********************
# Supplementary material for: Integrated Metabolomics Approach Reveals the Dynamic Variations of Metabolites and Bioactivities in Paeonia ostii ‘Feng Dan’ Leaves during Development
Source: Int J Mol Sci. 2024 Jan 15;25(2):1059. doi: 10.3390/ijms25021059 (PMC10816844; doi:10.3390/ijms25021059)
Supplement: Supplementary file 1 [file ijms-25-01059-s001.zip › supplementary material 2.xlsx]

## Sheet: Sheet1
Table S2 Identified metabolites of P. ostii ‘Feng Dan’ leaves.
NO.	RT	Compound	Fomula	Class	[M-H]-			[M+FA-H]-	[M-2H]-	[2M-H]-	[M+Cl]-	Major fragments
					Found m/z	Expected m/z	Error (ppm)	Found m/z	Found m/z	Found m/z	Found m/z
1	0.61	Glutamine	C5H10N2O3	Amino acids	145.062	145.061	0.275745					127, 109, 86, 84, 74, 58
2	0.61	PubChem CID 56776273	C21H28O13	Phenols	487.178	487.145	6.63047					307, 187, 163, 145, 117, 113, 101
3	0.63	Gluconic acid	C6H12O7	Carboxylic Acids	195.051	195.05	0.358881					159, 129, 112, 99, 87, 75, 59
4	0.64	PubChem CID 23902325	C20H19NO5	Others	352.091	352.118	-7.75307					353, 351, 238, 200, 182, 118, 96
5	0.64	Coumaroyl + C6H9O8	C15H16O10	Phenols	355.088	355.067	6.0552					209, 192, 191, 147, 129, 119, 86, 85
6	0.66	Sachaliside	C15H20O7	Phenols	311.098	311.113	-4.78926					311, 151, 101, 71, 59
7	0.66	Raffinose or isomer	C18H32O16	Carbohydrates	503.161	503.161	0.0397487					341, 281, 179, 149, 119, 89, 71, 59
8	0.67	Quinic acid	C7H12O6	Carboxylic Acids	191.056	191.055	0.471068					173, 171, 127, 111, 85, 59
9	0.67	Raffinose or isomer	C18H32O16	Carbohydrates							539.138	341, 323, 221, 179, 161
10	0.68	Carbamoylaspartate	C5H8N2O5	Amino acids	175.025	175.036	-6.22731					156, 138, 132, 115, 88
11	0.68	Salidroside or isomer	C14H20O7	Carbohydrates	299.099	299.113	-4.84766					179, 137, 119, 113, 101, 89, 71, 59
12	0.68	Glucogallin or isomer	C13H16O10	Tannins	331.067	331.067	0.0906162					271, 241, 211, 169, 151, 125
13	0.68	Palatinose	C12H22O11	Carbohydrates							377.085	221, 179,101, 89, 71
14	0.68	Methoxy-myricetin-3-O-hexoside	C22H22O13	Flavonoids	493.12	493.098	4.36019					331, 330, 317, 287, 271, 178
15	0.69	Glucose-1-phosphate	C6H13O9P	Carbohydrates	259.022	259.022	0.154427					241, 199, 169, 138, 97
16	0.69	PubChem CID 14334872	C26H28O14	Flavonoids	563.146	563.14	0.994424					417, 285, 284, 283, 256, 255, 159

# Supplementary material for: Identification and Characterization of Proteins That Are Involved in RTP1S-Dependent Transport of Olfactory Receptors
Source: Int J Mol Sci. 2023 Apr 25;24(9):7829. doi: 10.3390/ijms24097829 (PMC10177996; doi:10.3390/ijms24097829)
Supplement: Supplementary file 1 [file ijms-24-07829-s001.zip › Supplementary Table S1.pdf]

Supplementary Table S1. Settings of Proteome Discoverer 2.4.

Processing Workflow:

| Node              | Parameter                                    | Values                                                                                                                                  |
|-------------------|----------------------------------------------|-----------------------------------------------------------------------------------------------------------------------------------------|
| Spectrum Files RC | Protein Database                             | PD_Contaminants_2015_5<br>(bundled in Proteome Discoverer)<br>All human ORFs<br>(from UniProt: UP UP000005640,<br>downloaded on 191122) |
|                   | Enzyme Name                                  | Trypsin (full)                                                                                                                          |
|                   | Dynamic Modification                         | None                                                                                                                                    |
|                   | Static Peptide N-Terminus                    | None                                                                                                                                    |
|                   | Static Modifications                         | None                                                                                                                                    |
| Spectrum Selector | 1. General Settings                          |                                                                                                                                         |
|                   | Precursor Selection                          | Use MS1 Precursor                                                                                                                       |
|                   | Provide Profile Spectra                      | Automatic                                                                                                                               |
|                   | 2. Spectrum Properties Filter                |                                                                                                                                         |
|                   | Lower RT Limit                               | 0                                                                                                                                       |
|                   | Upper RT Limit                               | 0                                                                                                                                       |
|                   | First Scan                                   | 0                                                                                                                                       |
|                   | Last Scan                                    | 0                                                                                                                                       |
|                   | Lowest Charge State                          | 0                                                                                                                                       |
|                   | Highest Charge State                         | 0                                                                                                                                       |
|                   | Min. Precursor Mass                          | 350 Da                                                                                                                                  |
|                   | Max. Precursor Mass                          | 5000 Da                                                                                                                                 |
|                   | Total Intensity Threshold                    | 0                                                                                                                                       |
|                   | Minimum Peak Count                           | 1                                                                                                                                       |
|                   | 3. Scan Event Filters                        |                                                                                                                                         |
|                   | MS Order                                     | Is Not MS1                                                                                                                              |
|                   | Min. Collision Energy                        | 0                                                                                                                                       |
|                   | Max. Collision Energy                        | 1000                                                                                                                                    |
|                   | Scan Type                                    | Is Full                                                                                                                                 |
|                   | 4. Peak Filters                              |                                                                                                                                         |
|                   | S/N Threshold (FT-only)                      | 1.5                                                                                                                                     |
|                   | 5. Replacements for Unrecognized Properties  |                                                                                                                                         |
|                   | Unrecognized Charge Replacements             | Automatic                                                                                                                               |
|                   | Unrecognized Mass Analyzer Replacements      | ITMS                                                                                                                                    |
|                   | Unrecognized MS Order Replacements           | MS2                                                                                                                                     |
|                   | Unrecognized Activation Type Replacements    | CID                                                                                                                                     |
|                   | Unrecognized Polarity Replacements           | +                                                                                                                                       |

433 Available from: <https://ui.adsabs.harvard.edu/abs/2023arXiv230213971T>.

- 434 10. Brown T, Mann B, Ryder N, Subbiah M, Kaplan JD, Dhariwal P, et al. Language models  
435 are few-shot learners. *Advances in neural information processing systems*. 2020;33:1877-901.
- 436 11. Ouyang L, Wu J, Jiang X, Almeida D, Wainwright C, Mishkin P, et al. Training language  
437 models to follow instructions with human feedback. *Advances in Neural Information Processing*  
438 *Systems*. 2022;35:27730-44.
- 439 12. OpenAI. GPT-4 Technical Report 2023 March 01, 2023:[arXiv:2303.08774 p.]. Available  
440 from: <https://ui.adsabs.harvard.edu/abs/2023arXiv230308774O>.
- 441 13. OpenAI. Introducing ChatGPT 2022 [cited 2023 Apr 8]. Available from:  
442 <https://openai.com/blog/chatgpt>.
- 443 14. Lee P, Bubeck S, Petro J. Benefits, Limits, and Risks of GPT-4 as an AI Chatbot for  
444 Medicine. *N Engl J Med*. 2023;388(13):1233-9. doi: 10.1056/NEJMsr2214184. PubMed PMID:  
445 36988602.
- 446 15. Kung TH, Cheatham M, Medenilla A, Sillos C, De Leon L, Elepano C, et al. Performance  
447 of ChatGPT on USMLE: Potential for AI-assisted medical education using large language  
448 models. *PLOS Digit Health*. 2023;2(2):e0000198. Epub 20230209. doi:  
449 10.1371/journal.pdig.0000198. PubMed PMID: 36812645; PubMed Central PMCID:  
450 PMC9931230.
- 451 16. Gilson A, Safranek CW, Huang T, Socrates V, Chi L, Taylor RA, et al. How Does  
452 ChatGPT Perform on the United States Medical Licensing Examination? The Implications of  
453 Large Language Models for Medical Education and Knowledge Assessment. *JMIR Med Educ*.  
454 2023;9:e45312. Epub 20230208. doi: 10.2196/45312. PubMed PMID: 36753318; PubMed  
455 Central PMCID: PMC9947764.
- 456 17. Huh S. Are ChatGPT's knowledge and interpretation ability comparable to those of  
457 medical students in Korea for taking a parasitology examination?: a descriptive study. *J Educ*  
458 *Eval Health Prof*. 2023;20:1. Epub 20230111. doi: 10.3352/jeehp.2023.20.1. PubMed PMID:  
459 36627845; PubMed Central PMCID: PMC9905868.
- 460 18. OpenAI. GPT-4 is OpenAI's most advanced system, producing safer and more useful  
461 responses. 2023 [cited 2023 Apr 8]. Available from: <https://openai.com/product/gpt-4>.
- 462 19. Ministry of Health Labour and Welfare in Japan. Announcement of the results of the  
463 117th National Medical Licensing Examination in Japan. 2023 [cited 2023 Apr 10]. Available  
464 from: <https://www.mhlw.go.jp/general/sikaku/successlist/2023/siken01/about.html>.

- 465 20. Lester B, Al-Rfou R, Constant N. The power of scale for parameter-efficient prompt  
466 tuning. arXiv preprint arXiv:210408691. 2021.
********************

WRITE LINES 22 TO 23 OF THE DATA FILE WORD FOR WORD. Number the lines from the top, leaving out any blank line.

15	0.69	Glucose-1-phosphate	C6H13O9P	Carbohydrates	259.022	259.022	0.154427					241, 199, 169, 138, 97
16	0.69	PubChem CID 14334872	C26H28O14	Flavonoids	563.146	563.14	0.994424					417, 285, 284, 283, 256, 255, 159